Voter remorse should not be factor in elections

Posted Feb. 25, 2011, at 6:18 p.m.

Legislation sponsored by Republican Rep. Robert Nutting of Oakland, speaker of the Maine House of Representatives, would prohibit Mainers who had voted by absentee ballot from getting a do-over simply because they had experienced voter’s remorse concerning their vote the first time around.

Nutting’s bill, LD 179, would continue to allow absentee voters to ask for a new ballot should the original ballot be damaged or lost, but not because they had changed their minds in the interim between casting their vote and Election  Day. One small step for man; one giant loophole closed to mankind.

Upon reading a news story about the bill in their Thursday morning newspaper, many readers may have asked themselves how there could possibly be a need for such legislation. Wouldn’t plain old-fashioned common sense — to say nothing of constitutional considerations — dictate that voters get only one bite of the apple? Why wouldn’t a vote cast by absentee ballot before an election be treated the same as a vote cast in the voting booth on Election Day? And just how did the time-honored one-person, one-vote principle get turned on its head to become a one-person, one-do-over concept, anyway?

The issue of when Maine absentee voters might ask for a new ballot arose late in last fall’s five-way gubernatorial election won by Republican Paul LePage, who defeated second-place finisher Eliot Cutler, a Democrat in independent’s clothing, by less than 2 percentage points.

Near the end of that campaign, the Cutler organization sent out an e-mail telling voters that Cutler’s lawyers had advised that under current Maine law absentee voters who wished to change their votes could be given new ballots for that purpose.

“If you know anyone who has already voted and now wants to vote for Eliot, they should fill out the attached form and go to their town hall immediately,” Cutler’s campaign manager, Ted O’Meara, wrote in the e-mail.

According to Bangor Daily News reporter Kevin Miller’s newspaper report, O’Meara’s message appeared to be aimed mainly at liberals and moderates who had voted early for Democrat Libby Mitchell but who now — with Mitchell trailing substantially in late polling — might be willing to switch their vote to Cutler to prevent LePage from winning.

O’Meara’s eleventh-hour appeal reportedly didn’t result in many requests for new ballots, which speaks well for the high standards of last fall‘s absentee voters. But it did cause concern among municipal clerks and state elections division authorities as to what might happen should a similar situation arise in the future. That is the genesis of Nutting’s legislation, which has the support of town and city clerks, the Maine Municipal Association and the LePage administration and drew no opposition at a public hearing in Augusta on Wednesday.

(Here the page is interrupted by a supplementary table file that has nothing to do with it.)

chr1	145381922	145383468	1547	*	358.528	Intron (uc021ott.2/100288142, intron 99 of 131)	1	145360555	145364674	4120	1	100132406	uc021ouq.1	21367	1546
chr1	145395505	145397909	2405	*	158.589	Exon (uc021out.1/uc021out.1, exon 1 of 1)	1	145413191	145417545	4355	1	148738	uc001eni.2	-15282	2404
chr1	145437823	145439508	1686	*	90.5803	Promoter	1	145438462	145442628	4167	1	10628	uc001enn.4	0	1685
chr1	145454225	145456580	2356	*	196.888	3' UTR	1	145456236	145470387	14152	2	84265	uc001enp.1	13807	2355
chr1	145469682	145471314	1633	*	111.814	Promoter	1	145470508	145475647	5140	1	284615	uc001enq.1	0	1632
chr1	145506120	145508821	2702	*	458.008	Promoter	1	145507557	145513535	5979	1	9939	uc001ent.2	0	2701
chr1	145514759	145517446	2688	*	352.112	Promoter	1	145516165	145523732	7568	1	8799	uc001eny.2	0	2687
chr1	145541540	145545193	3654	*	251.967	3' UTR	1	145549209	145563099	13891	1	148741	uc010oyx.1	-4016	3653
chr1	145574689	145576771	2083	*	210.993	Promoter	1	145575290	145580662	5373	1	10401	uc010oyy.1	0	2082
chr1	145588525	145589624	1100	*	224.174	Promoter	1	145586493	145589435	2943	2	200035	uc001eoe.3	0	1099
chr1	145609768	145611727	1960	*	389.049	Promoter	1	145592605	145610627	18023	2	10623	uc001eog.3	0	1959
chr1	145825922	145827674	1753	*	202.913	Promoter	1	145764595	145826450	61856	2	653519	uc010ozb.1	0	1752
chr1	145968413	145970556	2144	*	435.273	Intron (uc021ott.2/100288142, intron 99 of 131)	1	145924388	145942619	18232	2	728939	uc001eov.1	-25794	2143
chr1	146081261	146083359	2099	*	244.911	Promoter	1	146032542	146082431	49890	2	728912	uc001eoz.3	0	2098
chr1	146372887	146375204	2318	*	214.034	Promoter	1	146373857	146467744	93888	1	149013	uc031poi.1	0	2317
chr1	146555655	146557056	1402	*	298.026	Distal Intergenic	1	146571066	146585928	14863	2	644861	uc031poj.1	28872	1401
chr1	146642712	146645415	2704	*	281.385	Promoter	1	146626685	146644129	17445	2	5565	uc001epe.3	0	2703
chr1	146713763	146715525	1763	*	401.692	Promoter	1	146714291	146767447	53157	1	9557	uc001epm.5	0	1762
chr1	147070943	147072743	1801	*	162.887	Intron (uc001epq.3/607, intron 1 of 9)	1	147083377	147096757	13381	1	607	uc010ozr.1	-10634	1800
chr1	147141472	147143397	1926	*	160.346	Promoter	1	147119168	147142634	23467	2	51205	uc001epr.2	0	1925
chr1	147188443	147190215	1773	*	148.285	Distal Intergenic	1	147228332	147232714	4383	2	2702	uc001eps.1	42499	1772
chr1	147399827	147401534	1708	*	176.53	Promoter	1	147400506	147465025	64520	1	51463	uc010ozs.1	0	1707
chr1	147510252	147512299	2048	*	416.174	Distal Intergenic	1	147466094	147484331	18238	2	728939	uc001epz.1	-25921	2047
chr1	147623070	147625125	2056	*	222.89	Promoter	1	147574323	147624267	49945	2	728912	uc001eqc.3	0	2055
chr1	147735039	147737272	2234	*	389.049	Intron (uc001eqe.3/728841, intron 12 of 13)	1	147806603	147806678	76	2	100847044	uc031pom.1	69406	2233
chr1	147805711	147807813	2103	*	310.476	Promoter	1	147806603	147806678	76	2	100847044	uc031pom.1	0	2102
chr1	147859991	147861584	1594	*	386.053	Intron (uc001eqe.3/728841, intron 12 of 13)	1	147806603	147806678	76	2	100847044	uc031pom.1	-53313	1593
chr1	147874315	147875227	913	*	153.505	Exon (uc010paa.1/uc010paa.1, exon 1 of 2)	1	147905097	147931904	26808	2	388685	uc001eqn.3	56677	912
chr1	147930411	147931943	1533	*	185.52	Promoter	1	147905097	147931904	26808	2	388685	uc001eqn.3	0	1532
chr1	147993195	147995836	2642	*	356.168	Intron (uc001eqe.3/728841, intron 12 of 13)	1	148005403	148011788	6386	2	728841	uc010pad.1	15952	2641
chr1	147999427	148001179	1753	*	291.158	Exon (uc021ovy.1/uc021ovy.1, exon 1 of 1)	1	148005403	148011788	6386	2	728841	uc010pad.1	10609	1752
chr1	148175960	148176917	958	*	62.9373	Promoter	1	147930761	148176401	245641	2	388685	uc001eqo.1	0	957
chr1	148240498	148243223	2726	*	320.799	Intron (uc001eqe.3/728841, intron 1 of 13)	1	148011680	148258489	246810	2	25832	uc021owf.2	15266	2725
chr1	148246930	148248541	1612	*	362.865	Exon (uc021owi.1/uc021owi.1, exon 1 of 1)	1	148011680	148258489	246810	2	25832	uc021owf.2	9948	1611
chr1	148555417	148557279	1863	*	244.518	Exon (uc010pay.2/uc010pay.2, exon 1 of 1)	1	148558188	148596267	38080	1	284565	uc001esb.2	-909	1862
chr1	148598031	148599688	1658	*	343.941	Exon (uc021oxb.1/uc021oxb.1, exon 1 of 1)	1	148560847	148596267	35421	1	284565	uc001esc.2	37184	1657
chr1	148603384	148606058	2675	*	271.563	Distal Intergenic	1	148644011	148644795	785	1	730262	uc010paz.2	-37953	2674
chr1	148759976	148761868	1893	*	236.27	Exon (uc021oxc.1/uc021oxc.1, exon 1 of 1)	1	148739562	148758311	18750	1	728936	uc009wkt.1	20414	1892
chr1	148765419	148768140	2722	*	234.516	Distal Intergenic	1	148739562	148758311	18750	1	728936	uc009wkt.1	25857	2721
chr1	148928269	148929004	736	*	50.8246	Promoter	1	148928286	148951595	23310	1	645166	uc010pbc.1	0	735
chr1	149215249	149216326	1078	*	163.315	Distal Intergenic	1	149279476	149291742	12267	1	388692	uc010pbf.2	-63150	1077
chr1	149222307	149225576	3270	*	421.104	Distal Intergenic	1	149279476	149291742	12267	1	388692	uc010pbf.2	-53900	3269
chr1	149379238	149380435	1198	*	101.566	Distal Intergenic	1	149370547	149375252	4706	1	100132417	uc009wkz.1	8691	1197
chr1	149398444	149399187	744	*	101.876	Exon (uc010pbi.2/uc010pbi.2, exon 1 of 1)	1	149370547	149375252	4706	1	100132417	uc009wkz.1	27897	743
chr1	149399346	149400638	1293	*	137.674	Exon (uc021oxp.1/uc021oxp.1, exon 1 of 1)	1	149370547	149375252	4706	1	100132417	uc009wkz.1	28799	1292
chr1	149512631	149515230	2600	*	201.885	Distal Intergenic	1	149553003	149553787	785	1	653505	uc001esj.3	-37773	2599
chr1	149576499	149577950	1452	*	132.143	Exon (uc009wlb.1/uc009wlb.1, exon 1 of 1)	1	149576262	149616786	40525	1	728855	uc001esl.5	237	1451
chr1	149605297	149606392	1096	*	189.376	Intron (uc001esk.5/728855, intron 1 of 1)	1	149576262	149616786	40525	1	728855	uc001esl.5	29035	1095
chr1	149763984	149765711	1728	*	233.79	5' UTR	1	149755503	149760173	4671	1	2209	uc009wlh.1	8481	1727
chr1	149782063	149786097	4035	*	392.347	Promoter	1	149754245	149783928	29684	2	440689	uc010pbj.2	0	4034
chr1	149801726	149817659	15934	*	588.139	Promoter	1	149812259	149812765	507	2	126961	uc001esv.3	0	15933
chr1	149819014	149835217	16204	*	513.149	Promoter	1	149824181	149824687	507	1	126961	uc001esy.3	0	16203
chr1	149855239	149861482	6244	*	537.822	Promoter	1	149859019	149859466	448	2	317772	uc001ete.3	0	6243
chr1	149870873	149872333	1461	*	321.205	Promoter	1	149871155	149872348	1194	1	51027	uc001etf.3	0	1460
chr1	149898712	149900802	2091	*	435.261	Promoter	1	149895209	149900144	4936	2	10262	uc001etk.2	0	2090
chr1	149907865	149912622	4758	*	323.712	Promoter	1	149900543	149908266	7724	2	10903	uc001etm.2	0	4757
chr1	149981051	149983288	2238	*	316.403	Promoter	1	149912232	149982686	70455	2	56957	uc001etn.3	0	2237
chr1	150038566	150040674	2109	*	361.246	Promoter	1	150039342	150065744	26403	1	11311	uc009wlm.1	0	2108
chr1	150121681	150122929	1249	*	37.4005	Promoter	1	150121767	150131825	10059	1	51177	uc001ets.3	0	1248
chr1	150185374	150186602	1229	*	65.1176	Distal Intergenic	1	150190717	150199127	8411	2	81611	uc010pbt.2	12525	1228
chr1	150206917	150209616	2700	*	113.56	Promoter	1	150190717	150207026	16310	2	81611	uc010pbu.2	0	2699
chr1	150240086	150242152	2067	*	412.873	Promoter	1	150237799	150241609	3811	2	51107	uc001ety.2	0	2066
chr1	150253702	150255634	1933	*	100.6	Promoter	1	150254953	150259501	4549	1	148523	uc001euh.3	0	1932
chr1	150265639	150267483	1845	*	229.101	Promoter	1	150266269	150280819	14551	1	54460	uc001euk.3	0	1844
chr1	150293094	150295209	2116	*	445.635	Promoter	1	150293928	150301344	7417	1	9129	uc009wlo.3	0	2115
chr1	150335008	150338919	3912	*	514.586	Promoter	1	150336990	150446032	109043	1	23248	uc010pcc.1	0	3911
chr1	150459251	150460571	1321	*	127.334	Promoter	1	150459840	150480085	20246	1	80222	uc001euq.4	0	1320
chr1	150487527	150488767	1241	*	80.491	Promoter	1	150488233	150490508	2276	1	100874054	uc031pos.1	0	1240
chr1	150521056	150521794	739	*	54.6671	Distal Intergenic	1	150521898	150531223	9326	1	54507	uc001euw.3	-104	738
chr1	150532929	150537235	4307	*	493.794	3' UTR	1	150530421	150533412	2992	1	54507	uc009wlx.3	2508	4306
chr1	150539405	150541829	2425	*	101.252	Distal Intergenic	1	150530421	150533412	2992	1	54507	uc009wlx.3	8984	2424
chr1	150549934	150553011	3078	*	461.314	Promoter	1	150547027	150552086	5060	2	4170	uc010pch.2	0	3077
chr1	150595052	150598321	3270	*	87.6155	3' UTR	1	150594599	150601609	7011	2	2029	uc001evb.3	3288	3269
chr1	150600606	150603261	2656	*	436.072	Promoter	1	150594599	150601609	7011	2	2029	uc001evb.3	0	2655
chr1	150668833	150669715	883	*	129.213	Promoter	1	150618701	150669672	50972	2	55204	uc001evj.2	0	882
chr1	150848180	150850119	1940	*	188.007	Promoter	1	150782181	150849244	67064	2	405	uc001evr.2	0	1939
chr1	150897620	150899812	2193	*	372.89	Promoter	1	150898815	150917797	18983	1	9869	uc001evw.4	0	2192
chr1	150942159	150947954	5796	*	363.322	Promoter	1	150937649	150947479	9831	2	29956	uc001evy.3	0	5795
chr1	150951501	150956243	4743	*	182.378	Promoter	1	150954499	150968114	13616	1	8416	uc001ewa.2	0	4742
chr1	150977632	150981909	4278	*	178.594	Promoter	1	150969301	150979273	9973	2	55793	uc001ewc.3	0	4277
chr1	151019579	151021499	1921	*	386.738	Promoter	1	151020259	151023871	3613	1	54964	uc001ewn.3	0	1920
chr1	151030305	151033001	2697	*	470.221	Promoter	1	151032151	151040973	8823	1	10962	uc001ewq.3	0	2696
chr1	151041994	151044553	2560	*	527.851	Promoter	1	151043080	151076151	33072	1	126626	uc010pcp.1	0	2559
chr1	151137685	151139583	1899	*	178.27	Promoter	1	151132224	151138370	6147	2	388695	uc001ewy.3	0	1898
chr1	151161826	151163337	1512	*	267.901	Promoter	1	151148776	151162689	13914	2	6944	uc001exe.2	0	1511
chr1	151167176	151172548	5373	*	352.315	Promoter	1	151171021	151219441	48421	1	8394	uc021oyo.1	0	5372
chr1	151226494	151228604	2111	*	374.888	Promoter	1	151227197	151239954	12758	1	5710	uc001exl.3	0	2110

“On Election Day, voters at the polls are not allowed to pull back their votes if they change their minds later in the day,’’ nor should absentee voters be allowed to do so, Nutting said at the hearing.

More than 130,000 absentee ballots were cast in the November election, roughly 50,000 of them by Democrats. In his concession speech, Cutler said he suspected that the popularity of early voting in Maine had been a factor in his loss because so many people had voted before his surge in the polls during the campaign’s final week.

Perhaps. But as an old County philosopher long since gone to his heavenly reward was fond of saying, “Looks like there are two maybes to that deal, my friend.” In either case — maybe so, or maybe not — it’s probably just as well that the ninth-inning do-over votes the Cutler campaign hoped to gain didn’t materialize. Had second-chance votes been the deciding factor in an election as tight as the 2010 gubernatorial race turned out to be, it is not difficult to imagine that the mother of all litigation might have been unleashed upon the state.

Useful as the concept of being allowed to vote a second time if you didn’t get it right the first time might be to some political campaign down the line, the Legislature seems likely to confine this sorry anachronism to the dustbin of history. May it rest there in peace alongside the cemetery vote said to be once popular in certain creative downstate precincts.

BDN columnist Kent Ward lives in Limestone. Readers may reach him by e-mail at olddawg@bangordailynews.com.

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